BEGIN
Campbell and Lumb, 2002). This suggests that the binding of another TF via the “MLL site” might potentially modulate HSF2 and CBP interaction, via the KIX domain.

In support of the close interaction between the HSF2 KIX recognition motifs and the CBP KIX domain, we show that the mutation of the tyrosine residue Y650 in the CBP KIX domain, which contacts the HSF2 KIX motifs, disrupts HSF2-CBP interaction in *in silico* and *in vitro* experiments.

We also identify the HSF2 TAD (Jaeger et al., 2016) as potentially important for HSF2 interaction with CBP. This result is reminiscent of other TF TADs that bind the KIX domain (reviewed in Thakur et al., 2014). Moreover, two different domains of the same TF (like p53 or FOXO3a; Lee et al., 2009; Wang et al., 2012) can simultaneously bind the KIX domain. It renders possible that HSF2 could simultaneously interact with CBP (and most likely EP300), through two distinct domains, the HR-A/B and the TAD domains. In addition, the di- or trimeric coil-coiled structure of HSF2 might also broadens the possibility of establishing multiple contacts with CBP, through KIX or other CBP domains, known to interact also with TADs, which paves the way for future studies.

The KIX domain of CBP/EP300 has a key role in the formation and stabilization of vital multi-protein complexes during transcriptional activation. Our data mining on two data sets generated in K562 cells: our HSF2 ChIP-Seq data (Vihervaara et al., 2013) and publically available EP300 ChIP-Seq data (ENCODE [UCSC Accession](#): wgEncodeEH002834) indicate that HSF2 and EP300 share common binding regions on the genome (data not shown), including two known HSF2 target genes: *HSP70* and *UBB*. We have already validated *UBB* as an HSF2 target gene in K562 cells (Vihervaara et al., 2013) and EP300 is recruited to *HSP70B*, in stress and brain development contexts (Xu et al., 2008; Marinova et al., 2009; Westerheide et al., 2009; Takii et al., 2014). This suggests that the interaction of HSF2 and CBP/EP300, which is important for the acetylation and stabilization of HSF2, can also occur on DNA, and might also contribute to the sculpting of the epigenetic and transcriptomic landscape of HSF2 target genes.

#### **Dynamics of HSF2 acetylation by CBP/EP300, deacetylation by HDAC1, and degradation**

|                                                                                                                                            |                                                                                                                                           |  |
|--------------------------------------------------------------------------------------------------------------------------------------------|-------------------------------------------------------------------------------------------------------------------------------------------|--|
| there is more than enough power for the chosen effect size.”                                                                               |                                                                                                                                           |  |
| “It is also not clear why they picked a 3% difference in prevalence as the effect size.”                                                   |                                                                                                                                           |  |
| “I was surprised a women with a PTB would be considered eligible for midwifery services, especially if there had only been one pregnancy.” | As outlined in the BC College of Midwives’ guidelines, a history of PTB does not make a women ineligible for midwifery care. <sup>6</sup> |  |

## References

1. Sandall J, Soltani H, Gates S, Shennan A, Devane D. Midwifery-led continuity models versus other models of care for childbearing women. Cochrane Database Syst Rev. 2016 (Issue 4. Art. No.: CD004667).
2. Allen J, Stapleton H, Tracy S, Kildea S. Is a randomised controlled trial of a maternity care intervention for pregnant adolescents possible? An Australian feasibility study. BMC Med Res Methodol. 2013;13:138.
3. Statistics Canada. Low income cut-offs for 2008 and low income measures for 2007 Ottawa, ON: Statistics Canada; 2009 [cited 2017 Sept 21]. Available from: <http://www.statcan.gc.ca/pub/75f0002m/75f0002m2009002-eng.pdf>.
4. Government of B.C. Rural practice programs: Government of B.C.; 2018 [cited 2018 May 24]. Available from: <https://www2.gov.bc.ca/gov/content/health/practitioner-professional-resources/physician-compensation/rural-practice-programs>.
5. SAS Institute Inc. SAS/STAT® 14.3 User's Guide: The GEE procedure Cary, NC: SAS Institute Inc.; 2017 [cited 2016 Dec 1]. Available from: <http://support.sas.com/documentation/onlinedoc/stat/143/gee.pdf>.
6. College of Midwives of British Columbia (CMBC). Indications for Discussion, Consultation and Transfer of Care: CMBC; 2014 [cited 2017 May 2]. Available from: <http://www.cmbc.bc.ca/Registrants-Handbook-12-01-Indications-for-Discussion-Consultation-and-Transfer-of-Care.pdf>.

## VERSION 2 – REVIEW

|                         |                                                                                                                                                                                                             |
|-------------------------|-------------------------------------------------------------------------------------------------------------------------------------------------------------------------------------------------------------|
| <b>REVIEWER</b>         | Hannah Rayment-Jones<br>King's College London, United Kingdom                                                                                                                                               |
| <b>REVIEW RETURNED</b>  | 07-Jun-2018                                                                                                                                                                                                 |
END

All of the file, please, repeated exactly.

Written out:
Campbell and Lumb, 2002). This suggests that the binding of another TF via the “MLL site” might potentially modulate HSF2 and CBP interaction, via the KIX domain.

In support of the close interaction between the HSF2 KIX recognition motifs and the CBP KIX domain, we show that the mutation of the tyrosine residue Y650 in the CBP KIX domain, which contacts the HSF2 KIX motifs, disrupts HSF2-CBP interaction in *in silico* and *in vitro* experiments.

We also identify the HSF2 TAD (Jaeger et al., 2016) as potentially important for HSF2 interaction with CBP. This result is reminiscent of other TF TADs that bind the KIX domain (reviewed in Thakur et al., 2014). Moreover, two different domains of the same TF (like p53 or FOXO3a; Lee et al., 2009; Wang et al., 2012) can simultaneously bind the KIX domain. It renders possible that HSF2 could simultaneously interact with CBP (and most likely EP300), through two distinct domains, the HR-A/B and the TAD domains. In addition, the di- or trimeric coil-coiled structure of HSF2 might also broadens the possibility of establishing multiple contacts with CBP, through KIX or other CBP domains, known to interact also with TADs, which paves the way for future studies.

The KIX domain of CBP/EP300 has a key role in the formation and stabilization of vital multi-protein complexes during transcriptional activation. Our data mining on two data sets generated in K562 cells: our HSF2 ChIP-Seq data (Vihervaara et al., 2013) and publically available EP300 ChIP-Seq data (ENCODE [UCSC Accession](#): wgEncodeEH002834) indicate that HSF2 and EP300 share common binding regions on the genome (data not shown), including two known HSF2 target genes: *HSP70* and *UBB*. We have already validated *UBB* as an HSF2 target gene in K562 cells (Vihervaara et al., 2013) and EP300 is recruited to *HSP70B*, in stress and brain development contexts (Xu et al., 2008; Marinova et al., 2009; Westerheide et al., 2009; Takii et al., 2014). This suggests that the interaction of HSF2 and CBP/EP300, which is important for the acetylation and stabilization of HSF2, can also occur on DNA, and might also contribute to the sculpting of the epigenetic and transcriptomic landscape of HSF2 target genes.

#### **Dynamics of HSF2 acetylation by CBP/EP300, deacetylation by HDAC1, and degradation**

|                                                                                                                                            |                                                                                                                                           |  |
|--------------------------------------------------------------------------------------------------------------------------------------------|-------------------------------------------------------------------------------------------------------------------------------------------|--|
| there is more than enough power for the chosen effect size.”                                                                               |                                                                                                                                           |  |
| “It is also not clear why they picked a 3% difference in prevalence as the effect size.”                                                   |                                                                                                                                           |  |
| “I was surprised a women with a PTB would be considered eligible for midwifery services, especially if there had only been one pregnancy.” | As outlined in the BC College of Midwives’ guidelines, a history of PTB does not make a women ineligible for midwifery care. <sup>6</sup> |  |

## References

1. Sandall J, Soltani H, Gates S, Shennan A, Devane D. Midwifery-led continuity models versus other models of care for childbearing women. Cochrane Database Syst Rev. 2016 (Issue 4. Art. No.: CD004667).
2. Allen J, Stapleton H, Tracy S, Kildea S. Is a randomised controlled trial of a maternity care intervention for pregnant adolescents possible? An Australian feasibility study. BMC Med Res Methodol. 2013;13:138.
3. Statistics Canada. Low income cut-offs for 2008 and low income measures for 2007 Ottawa, ON: Statistics Canada; 2009 [cited 2017 Sept 21]. Available from: <http://www.statcan.gc.ca/pub/75f0002m/75f0002m2009002-eng.pdf>.
4. Government of B.C. Rural practice programs: Government of B.C.; 2018 [cited 2018 May 24]. Available from: <https://www2.gov.bc.ca/gov/content/health/practitioner-professional-resources/physician-compensation/rural-practice-programs>.
5. SAS Institute Inc. SAS/STAT® 14.3 User's Guide: The GEE procedure Cary, NC: SAS Institute Inc.; 2017 [cited 2016 Dec 1]. Available from: <http://support.sas.com/documentation/onlinedoc/stat/143/gee.pdf>.
6. College of Midwives of British Columbia (CMBC). Indications for Discussion, Consultation and Transfer of Care: CMBC; 2014 [cited 2017 May 2]. Available from: <http://www.cmbc.bc.ca/Registrants-Handbook-12-01-Indications-for-Discussion-Consultation-and-Transfer-of-Care.pdf>.

## VERSION 2 – REVIEW

|                         |                                                                                                                                                                                                             |
|-------------------------|-------------------------------------------------------------------------------------------------------------------------------------------------------------------------------------------------------------|
| <b>REVIEWER</b>         | Hannah Rayment-Jones<br>King's College London, United Kingdom                                                                                                                                               |
| <b>REVIEW RETURNED</b>  | 07-Jun-2018                                                                                                                                                                                                 |